Summer is time for fun in the sun, but hot days can turn dangerous quickly. Heat-related conditions send thousands of people to emergency departments each summer, and needless tragedies occur when children and pets are left inside hot vehicles. Heat exhaustion and heat stroke happen when you’re exposed to excessive heat and the body absorbs more heat than it can release.
While heat exhaustion is serious, heat stroke is a dangerous, potentially deadly condition that occurs when the body’s core temperature rises to 104 degrees Fahrenheit or higher.
Anyone can experience either condition, but people most at risk include infants and people age 65 and older because their bodies can have difficulty acclimating to excessive heat. Some medications and antidepressants can affect your ability to sweat and regulate body temperature. Working or playing sports outdoors, lacking access to air conditioning, being obese and drinking alcohol can also put you at a higher risk for heat-related illness.
It’s important to recognize symptoms because, without quick action, heat stroke can cause vital organs including the brain to swell and result in permanent damage. Untreated, heat stroke can be fatal.
While similar, there are some key differences between these two heat-related conditions. With heat exhaustion, you’ll notice heavy sweating, cold, pale or clammy skin and a fast, weak pulse. With heat stroke, you’ll have hot, red, dry or damp skin and a fast, strong pulse as your body temperature reaches 103 degrees F or higher. Both conditions can cause headache, nausea and dizziness, and the possibility of passing out. Heat exhaustion may cause you to feel tired or weak and faint; heat stroke may cause you to vomit, become confused, lose consciousness or have a seizure.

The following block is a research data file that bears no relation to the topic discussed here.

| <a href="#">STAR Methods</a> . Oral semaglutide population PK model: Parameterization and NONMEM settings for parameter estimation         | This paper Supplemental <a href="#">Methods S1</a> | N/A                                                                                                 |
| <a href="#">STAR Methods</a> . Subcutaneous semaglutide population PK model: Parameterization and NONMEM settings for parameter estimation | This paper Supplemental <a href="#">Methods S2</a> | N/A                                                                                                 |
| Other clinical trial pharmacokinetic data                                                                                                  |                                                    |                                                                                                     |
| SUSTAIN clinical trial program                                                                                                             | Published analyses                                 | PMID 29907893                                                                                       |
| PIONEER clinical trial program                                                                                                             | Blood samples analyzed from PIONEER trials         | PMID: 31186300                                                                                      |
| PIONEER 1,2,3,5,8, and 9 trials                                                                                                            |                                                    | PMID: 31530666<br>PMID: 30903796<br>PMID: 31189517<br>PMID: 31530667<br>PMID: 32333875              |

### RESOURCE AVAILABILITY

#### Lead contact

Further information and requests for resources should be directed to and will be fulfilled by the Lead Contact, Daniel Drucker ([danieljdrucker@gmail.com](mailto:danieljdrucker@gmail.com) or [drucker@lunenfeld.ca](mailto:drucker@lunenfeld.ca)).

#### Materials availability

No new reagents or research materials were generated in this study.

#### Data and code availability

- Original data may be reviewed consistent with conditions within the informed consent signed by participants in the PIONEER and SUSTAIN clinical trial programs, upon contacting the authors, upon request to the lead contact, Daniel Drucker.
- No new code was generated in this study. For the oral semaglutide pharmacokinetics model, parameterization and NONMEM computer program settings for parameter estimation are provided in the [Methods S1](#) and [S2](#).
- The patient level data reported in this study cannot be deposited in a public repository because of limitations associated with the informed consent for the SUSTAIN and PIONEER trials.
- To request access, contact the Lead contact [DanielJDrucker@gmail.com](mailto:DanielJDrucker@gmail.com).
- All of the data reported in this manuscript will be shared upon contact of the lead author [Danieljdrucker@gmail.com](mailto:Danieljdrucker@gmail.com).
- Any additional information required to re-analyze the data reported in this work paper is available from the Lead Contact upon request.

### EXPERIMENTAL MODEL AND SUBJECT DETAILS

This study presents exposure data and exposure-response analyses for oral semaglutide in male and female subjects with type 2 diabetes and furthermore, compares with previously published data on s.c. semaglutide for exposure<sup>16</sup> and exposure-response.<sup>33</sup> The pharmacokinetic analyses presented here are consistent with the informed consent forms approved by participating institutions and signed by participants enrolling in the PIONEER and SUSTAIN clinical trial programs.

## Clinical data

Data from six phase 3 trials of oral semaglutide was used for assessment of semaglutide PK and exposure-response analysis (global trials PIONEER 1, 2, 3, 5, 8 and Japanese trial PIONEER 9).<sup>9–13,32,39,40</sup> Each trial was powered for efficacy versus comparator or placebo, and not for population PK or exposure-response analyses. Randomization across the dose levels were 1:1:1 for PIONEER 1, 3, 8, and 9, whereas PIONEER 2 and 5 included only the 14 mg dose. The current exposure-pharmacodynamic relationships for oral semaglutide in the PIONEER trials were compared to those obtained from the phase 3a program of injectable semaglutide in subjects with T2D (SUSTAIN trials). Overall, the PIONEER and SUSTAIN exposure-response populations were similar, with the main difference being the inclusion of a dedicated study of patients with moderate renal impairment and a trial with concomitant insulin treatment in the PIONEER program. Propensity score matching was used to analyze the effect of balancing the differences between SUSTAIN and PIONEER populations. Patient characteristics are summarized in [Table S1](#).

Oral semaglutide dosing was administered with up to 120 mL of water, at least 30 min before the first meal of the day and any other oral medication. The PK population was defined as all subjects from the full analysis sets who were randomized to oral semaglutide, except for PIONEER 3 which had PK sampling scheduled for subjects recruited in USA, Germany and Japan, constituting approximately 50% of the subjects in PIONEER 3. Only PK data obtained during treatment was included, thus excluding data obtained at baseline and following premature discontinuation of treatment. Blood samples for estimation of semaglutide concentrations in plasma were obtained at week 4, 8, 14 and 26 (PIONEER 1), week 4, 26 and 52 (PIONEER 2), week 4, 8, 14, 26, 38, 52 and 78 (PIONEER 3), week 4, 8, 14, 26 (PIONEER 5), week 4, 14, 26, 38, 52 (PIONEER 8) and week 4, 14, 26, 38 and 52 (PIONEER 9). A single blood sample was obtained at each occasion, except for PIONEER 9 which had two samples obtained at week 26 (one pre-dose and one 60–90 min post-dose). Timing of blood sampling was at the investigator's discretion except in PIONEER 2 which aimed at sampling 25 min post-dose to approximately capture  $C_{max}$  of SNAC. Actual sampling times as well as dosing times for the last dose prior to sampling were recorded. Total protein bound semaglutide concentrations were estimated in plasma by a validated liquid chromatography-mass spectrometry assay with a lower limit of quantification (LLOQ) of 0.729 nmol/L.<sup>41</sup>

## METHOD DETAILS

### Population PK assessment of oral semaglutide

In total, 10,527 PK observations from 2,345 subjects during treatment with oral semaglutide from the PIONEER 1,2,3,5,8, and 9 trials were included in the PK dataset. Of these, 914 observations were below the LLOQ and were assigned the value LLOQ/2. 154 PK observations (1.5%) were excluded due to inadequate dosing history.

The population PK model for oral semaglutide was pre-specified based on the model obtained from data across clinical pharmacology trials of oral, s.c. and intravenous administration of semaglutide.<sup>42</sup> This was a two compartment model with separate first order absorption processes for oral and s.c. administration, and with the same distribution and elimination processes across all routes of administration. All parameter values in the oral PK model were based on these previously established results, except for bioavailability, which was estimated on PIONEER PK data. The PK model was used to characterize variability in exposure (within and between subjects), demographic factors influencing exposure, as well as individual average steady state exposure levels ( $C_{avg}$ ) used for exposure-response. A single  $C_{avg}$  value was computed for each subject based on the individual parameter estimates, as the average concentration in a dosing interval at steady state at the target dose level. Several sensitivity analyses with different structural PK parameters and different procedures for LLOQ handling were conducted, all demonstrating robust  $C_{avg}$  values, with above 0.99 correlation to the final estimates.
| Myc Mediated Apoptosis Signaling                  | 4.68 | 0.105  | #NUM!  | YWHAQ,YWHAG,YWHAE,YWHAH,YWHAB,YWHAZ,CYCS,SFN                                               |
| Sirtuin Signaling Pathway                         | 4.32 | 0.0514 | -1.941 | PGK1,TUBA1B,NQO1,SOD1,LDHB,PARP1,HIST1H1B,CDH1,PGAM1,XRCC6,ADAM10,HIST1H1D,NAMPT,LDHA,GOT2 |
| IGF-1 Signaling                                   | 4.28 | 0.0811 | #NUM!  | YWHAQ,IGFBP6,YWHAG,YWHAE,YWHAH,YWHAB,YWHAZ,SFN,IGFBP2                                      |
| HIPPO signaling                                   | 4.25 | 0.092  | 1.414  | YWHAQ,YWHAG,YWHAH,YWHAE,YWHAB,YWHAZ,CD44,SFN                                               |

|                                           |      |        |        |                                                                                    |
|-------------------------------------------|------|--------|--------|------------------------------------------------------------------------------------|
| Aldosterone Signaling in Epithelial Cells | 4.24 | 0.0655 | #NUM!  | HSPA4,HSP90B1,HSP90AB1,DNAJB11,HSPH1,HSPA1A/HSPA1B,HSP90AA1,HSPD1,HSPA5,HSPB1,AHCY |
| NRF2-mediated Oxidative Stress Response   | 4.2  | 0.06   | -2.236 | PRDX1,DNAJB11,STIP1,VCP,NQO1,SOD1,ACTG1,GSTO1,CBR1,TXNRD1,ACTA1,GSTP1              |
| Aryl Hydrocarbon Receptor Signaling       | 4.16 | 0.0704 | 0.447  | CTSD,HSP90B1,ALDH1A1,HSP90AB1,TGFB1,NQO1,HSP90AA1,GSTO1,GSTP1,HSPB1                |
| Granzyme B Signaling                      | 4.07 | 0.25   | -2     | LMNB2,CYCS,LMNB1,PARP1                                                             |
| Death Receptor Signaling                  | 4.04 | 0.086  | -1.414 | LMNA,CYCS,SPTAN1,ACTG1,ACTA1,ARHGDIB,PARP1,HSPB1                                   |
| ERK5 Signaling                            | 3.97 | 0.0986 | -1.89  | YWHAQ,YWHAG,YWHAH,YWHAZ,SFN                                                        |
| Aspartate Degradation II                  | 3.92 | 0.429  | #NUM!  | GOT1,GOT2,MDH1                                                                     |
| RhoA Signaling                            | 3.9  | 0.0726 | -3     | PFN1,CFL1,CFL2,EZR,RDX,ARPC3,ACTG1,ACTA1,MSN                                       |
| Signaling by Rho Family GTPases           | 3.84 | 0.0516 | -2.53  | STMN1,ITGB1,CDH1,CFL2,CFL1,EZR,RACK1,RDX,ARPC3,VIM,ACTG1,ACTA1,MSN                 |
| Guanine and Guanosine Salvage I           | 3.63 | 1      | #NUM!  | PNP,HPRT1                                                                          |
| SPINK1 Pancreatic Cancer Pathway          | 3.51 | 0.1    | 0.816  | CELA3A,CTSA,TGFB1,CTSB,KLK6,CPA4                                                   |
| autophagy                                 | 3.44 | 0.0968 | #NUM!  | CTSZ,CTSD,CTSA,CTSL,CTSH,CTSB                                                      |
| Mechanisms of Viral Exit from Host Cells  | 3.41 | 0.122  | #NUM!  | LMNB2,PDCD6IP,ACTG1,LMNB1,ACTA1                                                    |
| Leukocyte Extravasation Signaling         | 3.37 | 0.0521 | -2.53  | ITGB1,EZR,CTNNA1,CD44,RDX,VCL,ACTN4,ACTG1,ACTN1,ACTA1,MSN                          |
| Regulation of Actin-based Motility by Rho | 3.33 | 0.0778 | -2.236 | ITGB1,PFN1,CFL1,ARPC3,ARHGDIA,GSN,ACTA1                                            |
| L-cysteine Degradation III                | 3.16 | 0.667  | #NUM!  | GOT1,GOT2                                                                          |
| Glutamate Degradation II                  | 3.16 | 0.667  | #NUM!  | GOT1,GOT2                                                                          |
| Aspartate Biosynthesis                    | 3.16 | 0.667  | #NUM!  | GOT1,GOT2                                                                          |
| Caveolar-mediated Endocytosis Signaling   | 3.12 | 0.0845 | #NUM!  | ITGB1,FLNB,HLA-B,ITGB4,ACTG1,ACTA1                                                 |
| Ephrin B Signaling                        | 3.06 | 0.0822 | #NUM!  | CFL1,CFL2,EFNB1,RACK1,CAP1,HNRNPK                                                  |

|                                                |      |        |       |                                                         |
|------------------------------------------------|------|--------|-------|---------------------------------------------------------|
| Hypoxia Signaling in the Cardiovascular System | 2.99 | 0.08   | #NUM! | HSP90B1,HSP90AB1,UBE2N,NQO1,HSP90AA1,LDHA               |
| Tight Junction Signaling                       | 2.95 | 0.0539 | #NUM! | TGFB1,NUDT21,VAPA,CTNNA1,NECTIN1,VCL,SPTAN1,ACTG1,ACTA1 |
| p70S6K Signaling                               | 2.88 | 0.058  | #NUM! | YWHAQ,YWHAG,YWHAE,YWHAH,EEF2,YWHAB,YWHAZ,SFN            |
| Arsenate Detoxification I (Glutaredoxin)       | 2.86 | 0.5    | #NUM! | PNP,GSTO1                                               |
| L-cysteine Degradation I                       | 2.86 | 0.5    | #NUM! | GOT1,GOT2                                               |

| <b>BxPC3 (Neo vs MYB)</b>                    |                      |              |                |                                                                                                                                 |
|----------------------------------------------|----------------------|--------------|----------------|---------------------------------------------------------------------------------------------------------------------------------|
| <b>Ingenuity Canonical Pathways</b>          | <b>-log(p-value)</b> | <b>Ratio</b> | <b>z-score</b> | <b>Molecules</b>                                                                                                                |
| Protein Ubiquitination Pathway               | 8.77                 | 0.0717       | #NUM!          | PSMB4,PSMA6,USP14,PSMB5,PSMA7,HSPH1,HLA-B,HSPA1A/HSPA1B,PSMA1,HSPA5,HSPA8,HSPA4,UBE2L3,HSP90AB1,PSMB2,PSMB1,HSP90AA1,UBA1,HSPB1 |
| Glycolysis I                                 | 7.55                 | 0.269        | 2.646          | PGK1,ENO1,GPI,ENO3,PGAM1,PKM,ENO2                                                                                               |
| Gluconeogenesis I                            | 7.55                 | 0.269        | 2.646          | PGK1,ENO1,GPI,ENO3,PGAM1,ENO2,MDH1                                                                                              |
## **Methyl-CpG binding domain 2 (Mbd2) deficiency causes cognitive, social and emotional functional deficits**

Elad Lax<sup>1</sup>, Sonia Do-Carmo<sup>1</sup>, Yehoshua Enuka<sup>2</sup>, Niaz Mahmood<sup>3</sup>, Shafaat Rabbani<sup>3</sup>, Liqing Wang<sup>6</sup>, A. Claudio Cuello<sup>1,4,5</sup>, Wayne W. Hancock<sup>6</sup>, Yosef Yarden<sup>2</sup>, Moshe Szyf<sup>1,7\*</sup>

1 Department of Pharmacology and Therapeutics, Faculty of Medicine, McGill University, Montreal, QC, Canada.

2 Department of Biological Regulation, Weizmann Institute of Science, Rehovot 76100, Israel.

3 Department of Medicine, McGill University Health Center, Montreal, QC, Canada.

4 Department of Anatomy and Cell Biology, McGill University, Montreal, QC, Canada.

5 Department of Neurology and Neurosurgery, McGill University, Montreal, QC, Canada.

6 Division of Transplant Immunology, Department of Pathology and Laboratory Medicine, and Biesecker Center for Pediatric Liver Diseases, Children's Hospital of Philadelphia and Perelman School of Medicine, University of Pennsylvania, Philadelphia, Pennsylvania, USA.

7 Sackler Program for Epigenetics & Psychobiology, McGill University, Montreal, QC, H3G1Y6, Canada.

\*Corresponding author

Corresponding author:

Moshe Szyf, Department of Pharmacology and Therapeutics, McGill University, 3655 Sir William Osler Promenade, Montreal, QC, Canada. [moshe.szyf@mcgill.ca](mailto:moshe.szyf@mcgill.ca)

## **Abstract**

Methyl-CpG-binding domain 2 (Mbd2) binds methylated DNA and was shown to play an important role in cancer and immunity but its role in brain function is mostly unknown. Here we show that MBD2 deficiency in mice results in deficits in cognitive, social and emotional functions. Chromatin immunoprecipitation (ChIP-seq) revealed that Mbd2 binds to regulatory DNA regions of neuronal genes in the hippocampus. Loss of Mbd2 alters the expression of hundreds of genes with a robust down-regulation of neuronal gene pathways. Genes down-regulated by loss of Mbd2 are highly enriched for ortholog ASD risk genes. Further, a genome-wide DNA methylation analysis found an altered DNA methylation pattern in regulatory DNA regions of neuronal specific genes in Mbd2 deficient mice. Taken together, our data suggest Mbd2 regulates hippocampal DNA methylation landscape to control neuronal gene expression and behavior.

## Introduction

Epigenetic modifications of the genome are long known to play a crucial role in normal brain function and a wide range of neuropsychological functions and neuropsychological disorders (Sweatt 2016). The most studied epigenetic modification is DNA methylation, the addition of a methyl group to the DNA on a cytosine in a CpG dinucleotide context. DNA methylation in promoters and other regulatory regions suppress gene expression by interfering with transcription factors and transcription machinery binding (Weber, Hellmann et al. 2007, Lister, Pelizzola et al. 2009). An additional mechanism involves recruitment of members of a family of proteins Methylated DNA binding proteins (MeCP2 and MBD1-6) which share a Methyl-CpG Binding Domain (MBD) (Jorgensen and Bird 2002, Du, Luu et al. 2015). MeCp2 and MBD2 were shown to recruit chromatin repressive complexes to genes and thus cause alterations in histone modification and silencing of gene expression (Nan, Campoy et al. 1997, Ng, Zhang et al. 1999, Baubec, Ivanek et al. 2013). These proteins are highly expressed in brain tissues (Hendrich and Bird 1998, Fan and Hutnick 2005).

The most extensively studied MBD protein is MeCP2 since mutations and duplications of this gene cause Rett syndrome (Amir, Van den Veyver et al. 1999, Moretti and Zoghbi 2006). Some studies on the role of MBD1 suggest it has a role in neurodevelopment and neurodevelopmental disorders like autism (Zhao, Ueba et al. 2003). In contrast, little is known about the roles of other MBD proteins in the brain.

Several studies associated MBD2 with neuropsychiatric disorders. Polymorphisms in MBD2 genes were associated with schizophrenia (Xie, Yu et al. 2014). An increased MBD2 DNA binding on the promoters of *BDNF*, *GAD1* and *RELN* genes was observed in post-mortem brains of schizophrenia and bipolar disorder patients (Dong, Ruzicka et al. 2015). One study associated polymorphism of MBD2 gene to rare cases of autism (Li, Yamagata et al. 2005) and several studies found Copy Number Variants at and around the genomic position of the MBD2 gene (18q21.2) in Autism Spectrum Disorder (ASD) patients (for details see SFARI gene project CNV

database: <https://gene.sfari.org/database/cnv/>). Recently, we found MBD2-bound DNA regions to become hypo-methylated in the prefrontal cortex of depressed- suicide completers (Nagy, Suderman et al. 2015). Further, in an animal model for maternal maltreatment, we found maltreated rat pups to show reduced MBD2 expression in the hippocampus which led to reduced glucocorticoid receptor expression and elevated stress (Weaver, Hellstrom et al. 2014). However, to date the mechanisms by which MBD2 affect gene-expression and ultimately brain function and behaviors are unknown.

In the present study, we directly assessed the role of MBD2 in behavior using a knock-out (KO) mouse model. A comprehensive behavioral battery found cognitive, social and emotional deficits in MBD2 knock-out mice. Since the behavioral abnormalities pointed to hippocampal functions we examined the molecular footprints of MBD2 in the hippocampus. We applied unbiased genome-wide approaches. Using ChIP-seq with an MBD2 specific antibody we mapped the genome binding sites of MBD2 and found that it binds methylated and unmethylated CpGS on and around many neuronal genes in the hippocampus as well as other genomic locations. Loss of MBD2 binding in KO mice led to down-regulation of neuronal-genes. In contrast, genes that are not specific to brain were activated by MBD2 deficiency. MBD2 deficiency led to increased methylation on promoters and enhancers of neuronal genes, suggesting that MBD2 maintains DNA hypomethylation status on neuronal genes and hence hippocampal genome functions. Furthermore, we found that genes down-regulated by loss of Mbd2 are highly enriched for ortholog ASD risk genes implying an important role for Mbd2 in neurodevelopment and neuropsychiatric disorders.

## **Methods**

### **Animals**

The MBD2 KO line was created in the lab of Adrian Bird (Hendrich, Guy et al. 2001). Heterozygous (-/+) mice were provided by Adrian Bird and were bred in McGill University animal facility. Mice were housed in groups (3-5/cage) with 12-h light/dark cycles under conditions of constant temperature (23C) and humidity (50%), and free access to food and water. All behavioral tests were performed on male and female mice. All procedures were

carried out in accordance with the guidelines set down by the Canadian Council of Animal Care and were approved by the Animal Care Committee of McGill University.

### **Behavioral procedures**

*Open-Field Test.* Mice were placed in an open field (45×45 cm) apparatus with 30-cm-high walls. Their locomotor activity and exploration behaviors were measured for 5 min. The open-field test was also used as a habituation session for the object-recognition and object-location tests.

For heat exhaustion, you should move to a cool place, sip water, loosen your clothes, put wet towels on your body or take a cool bath. Get medical help right away if you are on a low-sodium diet, have heart problems or have cramps that last more than an hour.
With heat stroke, you should always call 911 immediately because this is a medical emergency. Until help arrives, move the person to a cool place and apply cool towels or get into a cool bath.
Practicing good habits can prevent heat exhaustion and heat stroke from occurring.
Things to do every summer:
- Wear lightweight, loose-fitting clothing
- Stay hydrated by drinking water, not soft drinks or alcoholic beverages
- Limit amount of time spent in the sun
- Avoid being outside during the hottest parts of the day
- Pay close attention to young children and the elderly
- Never leave people or pets in a parked car, for any amount of time
- Increase hydration while playing sports, and take breaks to cool off in the shade
By taking these precautions, and keeping an eye on loved ones, you can safely enjoy the hot days of summer.